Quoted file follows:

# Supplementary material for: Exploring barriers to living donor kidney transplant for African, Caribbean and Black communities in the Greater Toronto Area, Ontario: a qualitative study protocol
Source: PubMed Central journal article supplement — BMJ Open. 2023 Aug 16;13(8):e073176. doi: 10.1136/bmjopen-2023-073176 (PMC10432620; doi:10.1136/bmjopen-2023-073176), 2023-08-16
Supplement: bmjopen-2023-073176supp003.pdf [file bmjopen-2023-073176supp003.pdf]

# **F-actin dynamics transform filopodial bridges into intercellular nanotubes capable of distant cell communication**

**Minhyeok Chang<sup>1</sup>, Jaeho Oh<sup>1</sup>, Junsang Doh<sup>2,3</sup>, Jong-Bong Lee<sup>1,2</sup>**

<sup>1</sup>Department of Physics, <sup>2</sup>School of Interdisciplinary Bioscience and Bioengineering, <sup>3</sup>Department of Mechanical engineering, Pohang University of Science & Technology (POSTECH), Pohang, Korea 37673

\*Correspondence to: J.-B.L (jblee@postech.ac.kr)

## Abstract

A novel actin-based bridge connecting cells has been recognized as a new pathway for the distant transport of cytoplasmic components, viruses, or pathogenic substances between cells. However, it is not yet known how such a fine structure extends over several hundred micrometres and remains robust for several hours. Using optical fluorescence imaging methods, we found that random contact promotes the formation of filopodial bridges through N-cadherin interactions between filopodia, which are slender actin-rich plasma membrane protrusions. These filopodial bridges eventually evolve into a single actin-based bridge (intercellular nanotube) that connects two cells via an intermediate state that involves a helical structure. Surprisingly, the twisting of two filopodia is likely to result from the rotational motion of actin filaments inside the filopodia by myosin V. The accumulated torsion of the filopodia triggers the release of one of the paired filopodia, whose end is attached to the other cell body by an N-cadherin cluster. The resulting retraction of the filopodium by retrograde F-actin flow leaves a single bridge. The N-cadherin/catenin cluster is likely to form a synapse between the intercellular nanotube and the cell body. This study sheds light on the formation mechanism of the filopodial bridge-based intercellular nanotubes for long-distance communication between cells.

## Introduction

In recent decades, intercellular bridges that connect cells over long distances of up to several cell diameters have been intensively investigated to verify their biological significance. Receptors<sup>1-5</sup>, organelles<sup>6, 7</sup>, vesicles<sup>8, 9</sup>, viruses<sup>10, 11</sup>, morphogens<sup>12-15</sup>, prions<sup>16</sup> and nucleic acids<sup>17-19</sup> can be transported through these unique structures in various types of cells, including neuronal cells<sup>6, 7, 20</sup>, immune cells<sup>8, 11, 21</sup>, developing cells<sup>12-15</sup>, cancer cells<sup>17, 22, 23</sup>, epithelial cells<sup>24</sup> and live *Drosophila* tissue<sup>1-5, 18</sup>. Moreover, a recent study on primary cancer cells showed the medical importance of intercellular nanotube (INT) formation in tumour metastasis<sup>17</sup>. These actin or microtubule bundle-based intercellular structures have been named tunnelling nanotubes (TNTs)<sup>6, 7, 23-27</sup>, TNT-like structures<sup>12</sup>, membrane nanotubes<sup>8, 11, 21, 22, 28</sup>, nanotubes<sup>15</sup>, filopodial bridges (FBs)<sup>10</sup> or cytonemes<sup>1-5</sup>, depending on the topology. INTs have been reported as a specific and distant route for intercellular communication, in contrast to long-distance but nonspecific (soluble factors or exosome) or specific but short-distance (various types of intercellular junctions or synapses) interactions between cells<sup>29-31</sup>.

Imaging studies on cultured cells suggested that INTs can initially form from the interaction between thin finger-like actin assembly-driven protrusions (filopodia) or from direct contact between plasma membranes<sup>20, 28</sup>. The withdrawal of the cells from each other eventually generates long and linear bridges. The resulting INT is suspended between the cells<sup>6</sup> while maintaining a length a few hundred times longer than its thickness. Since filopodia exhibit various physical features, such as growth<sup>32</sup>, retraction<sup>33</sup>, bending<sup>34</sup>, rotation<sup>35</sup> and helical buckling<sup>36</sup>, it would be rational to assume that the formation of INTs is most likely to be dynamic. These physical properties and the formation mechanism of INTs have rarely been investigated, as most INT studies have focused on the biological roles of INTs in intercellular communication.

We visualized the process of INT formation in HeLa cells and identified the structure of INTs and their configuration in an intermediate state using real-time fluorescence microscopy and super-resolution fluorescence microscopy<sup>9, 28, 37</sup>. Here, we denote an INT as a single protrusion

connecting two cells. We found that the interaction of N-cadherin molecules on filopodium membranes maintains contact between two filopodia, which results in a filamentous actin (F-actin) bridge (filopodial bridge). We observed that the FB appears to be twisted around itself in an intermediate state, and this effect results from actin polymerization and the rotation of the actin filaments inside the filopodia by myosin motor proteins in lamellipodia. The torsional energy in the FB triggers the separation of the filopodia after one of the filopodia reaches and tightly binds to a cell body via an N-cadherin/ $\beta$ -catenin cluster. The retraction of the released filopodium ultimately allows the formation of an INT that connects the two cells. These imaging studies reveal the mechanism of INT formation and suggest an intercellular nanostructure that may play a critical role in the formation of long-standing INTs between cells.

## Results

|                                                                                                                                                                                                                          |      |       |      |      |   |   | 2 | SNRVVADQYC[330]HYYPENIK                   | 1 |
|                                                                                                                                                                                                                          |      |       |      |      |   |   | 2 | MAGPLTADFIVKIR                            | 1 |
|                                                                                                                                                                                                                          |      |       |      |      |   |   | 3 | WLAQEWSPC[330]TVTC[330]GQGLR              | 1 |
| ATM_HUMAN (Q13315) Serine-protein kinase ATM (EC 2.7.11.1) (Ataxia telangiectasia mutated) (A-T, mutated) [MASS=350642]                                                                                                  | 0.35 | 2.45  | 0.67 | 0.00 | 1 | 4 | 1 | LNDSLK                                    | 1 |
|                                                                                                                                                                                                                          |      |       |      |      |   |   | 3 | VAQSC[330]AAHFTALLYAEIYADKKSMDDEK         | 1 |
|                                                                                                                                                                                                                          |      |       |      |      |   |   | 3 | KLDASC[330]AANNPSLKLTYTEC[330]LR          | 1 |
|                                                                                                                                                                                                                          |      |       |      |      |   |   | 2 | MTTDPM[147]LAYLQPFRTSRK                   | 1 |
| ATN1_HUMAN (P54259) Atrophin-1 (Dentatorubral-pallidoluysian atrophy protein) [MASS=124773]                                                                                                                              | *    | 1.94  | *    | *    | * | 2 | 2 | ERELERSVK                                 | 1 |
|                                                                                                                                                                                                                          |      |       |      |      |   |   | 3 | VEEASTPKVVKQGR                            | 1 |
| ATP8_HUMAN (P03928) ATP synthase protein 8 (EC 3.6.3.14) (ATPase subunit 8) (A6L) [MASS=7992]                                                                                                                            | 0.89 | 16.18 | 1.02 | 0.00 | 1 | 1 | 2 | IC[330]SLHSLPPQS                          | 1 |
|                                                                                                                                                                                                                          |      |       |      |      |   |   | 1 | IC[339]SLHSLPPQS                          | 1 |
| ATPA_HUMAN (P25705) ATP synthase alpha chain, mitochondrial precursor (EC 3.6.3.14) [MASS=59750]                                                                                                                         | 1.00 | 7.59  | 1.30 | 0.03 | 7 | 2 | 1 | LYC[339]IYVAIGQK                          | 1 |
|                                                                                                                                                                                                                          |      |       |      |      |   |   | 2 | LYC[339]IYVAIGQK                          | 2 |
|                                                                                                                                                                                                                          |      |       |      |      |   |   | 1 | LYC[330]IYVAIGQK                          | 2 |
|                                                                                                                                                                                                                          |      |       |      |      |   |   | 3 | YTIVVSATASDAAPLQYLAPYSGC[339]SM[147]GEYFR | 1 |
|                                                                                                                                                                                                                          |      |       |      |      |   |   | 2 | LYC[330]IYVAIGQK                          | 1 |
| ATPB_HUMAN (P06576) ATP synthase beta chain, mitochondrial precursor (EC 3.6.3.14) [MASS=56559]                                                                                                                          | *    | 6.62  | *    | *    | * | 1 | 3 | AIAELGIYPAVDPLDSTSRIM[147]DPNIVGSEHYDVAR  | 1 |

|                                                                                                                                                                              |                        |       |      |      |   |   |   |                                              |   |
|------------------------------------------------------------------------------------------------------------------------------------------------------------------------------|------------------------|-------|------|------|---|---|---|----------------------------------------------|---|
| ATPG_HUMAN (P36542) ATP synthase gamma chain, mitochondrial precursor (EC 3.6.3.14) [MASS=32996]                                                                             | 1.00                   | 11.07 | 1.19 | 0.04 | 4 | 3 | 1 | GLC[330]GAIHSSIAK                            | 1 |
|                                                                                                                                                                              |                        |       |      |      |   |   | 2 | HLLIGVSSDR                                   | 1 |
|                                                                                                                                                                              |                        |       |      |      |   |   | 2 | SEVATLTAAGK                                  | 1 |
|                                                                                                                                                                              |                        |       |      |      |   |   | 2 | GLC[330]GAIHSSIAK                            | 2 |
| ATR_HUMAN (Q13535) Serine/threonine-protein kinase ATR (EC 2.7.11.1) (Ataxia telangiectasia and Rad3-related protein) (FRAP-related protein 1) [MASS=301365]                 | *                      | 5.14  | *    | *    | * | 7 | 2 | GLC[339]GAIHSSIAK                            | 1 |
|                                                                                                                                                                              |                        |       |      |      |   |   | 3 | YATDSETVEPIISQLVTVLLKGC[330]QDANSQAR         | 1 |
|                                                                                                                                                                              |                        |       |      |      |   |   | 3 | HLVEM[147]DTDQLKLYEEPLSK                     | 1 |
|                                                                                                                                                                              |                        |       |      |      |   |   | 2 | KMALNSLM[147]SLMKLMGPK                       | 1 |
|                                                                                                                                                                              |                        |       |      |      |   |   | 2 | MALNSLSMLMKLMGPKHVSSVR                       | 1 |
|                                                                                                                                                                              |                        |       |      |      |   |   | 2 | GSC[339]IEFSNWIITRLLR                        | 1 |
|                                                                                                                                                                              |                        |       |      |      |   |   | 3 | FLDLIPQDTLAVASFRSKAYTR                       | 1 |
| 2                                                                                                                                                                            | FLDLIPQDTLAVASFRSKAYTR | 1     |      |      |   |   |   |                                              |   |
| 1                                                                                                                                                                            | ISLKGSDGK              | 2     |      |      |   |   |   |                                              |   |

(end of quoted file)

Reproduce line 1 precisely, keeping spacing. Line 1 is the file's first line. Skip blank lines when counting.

# Supplementary material for: Exploring barriers to living donor kidney transplant for African, Caribbean and Black communities in the Greater Toronto Area, Ontario: a qualitative study protocol